Something which I didn't mention but others have is the fight between the large S semantic web guys and the small s semantic web guys. Aka Microformats vs RDF. You can see the video here. What us RDF-ish guys were suggesting was using eRDF instead of Microformats for extended semantic markup. We proposed to give RDF in XHTML a new name, Macroformats. Tom Morris, after a chat with some of the microformats guys like Tantek and Kevin Marks, changing the name. Tom Morris has now setup getsemantic.com, which is a place where everyone writing semantic markup can get together and promote more semantic markup.

Wow, it's been an absolute mad panic of announcements. Firstly, “macroformats” is dead. It lasted all of a few days, but realism set in – assisted by some pissed off microformateers – and we ditched the name.
We've still got the domain names, but they will redirect and we aren't going to advertise them.
I'm just waiting for the Internet to catch up – specifically, DNS. Once the DNS machine has figured out what it's doing, then we can proceed to building the site.
I actually bought the licence for Snapz Pro X ($69!) because I feel that screencasts are going to be very important in what we are doing. Screencasts certainly helped with things like the Ruby on Rails project.
The plan is to help people understand the process of coming up with their own formats – which can be as simple as writing up a bunch of class names or as complex as coming up with a 3,000 item ontology. Of course, if they only want to do the first one, there'll be people who know how to do all the other steps and will do it for them.
I've sent out a sort of 'vision' statement to the people on the list, but I won't bore you with it here – my blog isn't the best place for it, after all. Once the site launches, something very much like it will be up there.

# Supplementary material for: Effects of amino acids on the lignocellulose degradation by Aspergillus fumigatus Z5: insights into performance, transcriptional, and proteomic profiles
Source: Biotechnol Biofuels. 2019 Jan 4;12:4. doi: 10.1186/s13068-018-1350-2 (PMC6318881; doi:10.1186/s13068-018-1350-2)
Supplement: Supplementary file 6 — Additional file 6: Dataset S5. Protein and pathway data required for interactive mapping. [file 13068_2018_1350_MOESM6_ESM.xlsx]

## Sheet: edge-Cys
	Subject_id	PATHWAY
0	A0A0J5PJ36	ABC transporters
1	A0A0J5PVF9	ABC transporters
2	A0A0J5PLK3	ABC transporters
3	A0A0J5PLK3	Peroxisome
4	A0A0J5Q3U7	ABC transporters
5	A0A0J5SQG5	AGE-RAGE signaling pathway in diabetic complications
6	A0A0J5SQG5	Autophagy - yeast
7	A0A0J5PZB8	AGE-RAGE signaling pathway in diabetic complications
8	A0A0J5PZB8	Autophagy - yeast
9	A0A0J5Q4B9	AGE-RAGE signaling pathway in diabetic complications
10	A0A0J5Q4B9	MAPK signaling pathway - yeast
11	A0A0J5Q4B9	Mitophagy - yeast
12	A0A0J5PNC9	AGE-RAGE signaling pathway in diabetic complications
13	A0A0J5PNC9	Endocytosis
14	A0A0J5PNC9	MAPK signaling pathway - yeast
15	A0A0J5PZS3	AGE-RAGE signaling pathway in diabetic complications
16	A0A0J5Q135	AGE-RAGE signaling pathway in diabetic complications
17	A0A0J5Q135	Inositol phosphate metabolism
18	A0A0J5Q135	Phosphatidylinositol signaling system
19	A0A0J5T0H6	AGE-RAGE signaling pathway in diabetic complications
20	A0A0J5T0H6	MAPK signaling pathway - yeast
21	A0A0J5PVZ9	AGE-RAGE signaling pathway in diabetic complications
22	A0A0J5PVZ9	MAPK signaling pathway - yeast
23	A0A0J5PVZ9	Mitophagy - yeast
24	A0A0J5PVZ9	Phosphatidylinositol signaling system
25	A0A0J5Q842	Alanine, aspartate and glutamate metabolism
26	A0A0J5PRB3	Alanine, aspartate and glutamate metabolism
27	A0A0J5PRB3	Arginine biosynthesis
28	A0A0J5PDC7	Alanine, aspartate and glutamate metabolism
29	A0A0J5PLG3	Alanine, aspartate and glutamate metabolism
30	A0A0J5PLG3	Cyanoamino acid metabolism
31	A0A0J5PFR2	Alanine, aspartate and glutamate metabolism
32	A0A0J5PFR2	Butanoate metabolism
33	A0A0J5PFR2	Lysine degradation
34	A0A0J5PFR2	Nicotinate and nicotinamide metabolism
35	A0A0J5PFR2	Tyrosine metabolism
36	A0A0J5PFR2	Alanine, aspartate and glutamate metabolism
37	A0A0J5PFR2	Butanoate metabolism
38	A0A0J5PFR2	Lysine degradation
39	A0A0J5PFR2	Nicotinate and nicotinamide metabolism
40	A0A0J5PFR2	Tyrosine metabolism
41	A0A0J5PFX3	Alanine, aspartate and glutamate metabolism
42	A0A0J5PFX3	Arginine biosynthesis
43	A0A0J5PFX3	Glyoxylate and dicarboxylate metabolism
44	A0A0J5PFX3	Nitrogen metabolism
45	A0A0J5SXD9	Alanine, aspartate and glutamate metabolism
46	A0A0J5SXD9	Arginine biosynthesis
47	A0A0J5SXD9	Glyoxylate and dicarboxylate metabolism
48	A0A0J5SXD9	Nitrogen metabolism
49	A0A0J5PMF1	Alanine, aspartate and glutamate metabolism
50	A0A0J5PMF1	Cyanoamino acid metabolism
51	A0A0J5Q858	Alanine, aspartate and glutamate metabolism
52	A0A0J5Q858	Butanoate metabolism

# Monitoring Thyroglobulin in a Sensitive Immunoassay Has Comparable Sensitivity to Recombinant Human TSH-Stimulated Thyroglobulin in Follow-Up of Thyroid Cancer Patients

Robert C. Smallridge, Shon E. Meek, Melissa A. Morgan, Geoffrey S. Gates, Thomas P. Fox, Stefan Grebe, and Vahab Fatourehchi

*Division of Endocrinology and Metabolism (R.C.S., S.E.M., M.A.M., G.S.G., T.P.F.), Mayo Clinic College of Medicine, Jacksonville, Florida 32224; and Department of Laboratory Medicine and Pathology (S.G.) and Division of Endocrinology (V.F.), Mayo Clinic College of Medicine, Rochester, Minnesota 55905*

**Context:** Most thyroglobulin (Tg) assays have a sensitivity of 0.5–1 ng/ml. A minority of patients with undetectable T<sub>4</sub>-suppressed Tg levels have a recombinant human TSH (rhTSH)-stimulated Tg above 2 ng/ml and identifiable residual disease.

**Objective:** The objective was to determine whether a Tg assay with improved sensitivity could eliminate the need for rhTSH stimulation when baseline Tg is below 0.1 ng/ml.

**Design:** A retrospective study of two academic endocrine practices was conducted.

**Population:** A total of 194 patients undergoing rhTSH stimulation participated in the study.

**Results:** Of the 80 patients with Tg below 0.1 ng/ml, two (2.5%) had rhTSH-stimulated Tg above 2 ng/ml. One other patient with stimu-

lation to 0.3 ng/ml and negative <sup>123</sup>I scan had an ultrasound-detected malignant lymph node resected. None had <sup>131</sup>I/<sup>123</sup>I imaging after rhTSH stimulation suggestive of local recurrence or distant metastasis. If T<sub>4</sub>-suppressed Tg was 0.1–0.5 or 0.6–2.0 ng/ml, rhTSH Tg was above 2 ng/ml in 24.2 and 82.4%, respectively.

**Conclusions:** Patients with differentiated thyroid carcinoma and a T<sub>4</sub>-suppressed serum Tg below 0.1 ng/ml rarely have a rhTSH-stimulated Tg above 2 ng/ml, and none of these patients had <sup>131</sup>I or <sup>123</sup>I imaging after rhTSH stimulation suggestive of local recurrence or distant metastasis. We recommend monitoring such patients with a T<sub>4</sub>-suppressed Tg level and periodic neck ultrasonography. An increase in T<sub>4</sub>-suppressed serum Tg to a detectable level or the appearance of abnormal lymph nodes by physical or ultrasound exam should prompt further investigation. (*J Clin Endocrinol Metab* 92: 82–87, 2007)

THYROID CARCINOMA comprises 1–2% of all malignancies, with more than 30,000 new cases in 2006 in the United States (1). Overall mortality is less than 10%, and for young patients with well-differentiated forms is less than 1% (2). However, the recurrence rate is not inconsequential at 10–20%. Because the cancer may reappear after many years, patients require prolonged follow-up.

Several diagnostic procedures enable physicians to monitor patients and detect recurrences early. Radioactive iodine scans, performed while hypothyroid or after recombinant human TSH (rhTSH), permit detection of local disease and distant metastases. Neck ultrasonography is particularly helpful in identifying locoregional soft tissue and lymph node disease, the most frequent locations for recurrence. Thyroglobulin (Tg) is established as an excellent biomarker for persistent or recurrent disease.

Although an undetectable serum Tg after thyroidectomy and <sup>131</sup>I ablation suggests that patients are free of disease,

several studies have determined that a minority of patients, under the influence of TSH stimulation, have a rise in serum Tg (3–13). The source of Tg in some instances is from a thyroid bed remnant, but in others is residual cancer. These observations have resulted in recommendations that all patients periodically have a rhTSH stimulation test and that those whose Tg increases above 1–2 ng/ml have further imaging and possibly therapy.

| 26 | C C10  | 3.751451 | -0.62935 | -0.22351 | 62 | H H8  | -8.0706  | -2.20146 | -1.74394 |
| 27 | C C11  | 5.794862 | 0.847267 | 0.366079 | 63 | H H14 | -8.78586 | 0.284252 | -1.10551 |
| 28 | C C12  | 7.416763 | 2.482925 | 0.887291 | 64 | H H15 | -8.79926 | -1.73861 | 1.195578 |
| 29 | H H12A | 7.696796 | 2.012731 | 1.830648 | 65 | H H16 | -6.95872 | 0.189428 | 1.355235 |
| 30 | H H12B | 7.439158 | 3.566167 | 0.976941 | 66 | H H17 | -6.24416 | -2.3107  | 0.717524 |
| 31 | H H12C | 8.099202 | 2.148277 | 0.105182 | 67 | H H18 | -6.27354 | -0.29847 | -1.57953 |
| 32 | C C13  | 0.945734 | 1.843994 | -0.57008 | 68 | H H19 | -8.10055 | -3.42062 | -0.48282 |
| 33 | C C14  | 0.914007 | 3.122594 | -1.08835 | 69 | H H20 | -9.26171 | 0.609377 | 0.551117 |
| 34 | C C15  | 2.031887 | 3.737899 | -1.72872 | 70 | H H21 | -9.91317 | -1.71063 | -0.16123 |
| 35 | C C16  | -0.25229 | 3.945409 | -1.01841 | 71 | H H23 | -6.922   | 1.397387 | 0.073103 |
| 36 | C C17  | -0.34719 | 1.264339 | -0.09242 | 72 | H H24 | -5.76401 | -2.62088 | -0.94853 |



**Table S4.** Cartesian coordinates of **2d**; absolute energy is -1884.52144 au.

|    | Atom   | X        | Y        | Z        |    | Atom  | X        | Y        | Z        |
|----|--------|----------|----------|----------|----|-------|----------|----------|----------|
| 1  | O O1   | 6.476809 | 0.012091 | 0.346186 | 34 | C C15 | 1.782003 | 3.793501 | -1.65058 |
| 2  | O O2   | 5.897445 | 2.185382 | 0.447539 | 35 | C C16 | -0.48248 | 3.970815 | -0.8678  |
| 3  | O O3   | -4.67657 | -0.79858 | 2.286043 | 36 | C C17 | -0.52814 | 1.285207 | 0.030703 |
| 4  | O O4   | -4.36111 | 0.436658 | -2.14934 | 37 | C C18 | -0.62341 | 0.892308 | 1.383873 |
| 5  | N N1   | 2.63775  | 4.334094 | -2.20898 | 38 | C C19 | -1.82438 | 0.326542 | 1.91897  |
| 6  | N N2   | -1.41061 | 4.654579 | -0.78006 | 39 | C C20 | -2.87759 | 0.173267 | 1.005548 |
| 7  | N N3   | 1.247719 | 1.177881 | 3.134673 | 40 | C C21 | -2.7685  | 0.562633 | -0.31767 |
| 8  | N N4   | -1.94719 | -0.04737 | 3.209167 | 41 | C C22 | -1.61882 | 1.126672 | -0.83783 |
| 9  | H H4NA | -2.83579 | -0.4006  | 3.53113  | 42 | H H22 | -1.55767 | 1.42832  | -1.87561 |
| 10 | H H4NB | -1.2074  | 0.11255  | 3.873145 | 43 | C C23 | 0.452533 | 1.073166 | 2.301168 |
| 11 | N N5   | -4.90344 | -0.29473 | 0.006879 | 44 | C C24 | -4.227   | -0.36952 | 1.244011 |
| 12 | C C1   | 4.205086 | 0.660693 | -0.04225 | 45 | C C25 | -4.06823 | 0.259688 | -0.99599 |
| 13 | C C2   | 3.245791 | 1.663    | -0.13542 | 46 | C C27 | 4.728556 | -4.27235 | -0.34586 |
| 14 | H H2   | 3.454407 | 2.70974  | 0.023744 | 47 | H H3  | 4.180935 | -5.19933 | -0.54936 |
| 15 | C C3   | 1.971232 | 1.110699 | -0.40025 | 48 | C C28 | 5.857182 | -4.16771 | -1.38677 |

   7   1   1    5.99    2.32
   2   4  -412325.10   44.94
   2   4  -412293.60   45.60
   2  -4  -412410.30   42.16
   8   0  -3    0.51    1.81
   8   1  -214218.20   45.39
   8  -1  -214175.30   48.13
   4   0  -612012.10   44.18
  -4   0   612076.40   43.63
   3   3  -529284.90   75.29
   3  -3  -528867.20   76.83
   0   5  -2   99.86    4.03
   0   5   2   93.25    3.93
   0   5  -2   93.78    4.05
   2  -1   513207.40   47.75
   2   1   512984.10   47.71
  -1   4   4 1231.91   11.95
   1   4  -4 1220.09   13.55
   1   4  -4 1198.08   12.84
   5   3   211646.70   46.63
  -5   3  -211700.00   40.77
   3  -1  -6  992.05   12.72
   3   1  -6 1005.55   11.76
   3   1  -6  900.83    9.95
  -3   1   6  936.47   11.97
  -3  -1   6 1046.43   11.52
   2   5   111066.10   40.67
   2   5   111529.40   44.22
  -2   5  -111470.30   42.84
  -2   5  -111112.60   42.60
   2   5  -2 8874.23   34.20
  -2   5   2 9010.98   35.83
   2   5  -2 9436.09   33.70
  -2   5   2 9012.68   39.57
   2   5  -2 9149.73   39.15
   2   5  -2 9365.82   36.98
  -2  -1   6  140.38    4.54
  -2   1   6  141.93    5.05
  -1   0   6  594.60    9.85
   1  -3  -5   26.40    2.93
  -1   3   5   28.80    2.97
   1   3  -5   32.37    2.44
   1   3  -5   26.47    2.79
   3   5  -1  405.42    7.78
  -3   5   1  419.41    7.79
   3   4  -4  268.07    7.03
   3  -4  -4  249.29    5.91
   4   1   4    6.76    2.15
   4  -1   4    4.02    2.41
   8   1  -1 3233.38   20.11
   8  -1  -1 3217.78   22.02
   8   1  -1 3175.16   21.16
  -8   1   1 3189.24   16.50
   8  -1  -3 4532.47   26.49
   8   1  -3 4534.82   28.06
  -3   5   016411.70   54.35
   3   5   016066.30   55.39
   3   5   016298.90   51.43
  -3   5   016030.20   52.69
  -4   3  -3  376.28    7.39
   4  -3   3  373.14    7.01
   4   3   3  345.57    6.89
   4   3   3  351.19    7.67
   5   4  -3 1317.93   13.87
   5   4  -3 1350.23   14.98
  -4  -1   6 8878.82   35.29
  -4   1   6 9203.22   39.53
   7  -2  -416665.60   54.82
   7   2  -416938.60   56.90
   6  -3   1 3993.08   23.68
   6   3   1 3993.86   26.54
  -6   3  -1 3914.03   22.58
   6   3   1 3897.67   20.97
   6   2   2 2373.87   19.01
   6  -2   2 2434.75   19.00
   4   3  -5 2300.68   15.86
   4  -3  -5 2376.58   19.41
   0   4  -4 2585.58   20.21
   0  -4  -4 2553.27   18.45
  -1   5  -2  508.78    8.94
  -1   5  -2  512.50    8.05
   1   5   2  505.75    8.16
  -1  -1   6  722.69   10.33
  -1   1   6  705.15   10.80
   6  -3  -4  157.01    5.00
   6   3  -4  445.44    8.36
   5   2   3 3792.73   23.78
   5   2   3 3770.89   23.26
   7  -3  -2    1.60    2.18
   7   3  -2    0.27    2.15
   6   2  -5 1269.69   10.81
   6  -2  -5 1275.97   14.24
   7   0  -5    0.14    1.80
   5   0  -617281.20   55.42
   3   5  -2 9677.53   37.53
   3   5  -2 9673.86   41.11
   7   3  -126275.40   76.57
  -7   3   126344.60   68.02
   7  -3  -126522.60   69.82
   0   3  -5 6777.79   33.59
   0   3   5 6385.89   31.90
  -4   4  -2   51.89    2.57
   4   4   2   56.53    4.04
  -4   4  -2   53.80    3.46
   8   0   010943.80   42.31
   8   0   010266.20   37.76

The first GetSemantic project I'm going to be pushing for is Embedded BibTeX. I use BibTeX a lot. The “citation” work at microformats.org is suffering because there's no clear cowpath to be paved. But we have a BibTeX ontology written in DAML+OIL and it wouldn't be too hard to use eRDF to turn that in to HTML. I'm already writing academic essays in XHTML with CSS and having the tools to embed and extract those citations would rule.
The other thing that I might do is “hRSS”. hAtom is a great format, but not all web sites can be turned in to Atom – RSS 2.0 serves sites like mine better. I'll follow hAtom as closely as possible, but then move away when the RSS 2.0 specification differs from the Atom specification. Before I get flames, there are good reasons to choose RSS 2.0 if you have untitled blog entries. And, yes, there are good reasons for that too. You may not like the reasons, but they exist.
One of the key differences between GetSemantic and the more formalised microformats is that we're going to say “yes” more often. Think of them as science experiments – have fun, build something, see whether it works. We'll start herding cows down new paths and then if that works, then it might become a microformat. If it doesn't work, then we will learn why it doesn't work and try not to make that mistake in the future.

Anyway, I've graphed out where we're coming from, because its easy to think we're suggesting Microformats are crap. Well thats not what we're saying. We all love Microformats but sometimes we find them a little limiting. The example I always use is XFN vs FOAF. XFN has a limited amount of relationships, while FOAF has tons. Because you can put FOAF in eRDF, this means eRDF is more extensible. But on the other side, this all adds to the complexity and the amount of people who actually want to do this drops a lot.